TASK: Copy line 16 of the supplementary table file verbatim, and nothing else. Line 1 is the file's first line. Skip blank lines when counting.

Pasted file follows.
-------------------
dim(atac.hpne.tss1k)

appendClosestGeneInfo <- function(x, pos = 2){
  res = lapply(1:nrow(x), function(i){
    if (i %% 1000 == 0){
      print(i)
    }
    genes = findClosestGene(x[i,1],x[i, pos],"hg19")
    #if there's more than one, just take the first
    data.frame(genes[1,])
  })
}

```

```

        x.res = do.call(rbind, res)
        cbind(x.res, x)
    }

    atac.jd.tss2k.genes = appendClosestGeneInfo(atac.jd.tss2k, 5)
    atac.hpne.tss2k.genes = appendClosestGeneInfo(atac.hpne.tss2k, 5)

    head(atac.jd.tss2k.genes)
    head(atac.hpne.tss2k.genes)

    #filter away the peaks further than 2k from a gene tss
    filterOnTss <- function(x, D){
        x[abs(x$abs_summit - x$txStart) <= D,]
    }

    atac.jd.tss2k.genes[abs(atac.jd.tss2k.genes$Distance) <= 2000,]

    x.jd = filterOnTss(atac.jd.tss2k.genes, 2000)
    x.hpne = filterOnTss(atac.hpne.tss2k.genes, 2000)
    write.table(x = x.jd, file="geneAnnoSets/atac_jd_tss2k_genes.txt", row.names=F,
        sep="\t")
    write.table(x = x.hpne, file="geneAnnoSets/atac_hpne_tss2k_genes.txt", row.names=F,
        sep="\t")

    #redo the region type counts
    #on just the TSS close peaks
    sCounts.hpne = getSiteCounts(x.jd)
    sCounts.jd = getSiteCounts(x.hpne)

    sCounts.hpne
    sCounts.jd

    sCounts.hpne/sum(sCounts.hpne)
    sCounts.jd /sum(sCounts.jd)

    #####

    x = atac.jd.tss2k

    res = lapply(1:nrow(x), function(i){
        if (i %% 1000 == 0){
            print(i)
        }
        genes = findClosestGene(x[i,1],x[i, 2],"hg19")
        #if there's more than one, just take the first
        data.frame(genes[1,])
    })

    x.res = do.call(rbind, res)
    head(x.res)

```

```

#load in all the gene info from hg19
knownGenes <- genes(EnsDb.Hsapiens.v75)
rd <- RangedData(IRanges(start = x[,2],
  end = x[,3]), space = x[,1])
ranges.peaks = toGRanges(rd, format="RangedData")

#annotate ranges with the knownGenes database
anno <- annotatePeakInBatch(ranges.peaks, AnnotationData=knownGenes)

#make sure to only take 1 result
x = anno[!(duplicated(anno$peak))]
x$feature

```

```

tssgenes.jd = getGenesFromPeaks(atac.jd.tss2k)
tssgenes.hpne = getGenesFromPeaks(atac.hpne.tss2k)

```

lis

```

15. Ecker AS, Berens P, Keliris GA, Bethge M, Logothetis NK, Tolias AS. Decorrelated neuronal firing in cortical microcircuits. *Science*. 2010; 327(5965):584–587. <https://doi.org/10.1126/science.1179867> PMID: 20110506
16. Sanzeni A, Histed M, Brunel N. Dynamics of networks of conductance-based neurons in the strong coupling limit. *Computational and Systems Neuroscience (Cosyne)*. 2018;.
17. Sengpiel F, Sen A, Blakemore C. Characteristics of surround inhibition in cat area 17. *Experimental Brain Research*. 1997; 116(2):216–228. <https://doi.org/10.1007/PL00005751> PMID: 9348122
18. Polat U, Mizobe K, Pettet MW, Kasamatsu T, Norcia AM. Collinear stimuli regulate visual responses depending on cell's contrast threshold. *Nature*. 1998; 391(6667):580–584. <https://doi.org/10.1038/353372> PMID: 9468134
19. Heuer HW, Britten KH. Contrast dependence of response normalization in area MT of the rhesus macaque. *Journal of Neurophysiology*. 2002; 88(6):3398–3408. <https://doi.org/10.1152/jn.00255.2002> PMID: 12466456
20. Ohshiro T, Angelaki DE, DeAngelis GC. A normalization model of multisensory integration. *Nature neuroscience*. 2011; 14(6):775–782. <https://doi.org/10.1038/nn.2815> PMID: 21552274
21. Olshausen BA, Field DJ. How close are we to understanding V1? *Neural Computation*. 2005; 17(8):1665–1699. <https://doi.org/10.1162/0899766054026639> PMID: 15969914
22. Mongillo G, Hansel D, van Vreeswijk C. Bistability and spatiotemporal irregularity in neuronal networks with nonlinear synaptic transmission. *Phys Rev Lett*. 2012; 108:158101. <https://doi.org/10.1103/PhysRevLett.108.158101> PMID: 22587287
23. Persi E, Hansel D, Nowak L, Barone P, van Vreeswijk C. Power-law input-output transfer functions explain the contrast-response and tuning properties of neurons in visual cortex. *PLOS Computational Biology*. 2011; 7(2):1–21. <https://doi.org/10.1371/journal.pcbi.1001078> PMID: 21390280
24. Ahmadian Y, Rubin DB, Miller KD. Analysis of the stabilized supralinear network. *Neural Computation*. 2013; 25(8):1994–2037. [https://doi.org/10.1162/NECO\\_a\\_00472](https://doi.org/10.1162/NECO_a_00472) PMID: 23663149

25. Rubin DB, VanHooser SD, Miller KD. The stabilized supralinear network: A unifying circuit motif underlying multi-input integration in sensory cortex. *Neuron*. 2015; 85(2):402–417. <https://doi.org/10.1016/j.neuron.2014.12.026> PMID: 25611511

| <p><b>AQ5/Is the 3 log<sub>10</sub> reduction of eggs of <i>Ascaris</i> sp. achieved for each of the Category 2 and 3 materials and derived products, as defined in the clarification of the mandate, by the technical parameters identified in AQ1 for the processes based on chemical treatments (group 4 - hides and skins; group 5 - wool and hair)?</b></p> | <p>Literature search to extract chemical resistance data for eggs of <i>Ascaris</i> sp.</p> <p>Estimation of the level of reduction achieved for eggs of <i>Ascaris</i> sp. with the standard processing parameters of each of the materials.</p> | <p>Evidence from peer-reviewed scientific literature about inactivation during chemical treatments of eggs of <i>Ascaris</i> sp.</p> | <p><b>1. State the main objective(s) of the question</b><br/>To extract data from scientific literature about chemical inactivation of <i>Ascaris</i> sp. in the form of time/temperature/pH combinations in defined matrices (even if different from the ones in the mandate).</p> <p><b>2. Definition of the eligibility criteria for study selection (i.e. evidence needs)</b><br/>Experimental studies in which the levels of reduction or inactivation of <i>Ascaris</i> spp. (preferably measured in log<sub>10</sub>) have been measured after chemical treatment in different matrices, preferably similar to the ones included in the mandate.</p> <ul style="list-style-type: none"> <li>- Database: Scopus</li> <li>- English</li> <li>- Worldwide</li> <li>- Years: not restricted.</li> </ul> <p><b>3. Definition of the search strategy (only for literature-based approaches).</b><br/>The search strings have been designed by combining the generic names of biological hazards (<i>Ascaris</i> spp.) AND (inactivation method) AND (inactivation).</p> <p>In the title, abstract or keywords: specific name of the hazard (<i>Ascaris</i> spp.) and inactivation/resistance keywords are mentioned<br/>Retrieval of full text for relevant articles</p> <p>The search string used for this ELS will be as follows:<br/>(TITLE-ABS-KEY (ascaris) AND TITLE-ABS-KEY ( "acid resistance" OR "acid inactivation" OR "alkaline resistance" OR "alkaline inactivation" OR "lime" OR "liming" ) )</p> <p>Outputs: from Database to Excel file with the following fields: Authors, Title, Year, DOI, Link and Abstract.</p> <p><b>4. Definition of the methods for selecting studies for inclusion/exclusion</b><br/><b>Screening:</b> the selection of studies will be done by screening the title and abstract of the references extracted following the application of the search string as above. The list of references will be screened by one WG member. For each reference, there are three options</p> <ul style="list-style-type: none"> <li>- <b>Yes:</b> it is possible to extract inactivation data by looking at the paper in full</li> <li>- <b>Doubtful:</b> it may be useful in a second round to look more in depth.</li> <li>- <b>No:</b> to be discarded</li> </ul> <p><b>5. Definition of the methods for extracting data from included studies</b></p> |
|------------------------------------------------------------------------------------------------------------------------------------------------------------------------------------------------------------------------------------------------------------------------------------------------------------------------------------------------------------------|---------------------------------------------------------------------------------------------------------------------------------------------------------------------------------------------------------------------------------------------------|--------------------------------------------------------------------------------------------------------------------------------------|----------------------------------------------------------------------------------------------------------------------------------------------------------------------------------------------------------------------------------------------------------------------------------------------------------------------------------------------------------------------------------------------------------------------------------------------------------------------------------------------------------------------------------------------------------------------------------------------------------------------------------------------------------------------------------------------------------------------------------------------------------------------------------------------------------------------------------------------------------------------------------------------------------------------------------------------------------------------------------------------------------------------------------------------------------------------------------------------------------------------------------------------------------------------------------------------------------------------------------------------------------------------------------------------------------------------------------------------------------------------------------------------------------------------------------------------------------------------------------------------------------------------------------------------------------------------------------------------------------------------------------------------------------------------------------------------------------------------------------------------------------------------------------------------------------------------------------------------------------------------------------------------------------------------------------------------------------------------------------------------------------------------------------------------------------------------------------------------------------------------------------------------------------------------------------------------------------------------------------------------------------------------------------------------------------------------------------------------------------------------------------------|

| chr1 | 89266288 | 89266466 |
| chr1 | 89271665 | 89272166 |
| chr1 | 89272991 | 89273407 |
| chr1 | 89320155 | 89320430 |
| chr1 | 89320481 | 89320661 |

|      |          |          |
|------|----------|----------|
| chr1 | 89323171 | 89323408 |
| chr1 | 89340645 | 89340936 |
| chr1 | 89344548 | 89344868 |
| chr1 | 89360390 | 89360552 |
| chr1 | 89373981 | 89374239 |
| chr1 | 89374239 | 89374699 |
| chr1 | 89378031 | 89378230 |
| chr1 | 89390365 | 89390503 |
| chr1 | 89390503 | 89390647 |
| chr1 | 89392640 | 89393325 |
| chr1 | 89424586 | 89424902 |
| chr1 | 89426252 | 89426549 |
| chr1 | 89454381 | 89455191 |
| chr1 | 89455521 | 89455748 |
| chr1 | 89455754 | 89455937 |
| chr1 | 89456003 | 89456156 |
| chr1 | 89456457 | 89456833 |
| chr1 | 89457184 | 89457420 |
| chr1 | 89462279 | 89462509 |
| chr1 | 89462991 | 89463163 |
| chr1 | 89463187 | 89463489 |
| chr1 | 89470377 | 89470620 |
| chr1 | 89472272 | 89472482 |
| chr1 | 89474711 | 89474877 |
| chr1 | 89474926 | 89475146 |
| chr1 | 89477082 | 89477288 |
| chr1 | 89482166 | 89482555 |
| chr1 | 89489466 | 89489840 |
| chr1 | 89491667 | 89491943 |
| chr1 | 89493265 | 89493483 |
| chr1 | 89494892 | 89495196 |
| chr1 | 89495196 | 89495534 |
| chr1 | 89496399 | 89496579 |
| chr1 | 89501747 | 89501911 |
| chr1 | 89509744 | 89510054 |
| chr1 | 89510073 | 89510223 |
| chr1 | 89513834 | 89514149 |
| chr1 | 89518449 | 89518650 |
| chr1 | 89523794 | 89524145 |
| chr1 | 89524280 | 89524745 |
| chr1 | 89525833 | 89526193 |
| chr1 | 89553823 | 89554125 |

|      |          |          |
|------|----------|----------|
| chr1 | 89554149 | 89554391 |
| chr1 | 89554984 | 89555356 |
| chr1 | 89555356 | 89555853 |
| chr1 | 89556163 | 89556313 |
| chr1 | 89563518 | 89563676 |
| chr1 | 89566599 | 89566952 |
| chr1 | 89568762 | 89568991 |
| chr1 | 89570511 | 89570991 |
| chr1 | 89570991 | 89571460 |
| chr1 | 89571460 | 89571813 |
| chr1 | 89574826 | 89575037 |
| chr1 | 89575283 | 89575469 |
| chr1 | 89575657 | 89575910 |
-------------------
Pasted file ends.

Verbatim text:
    }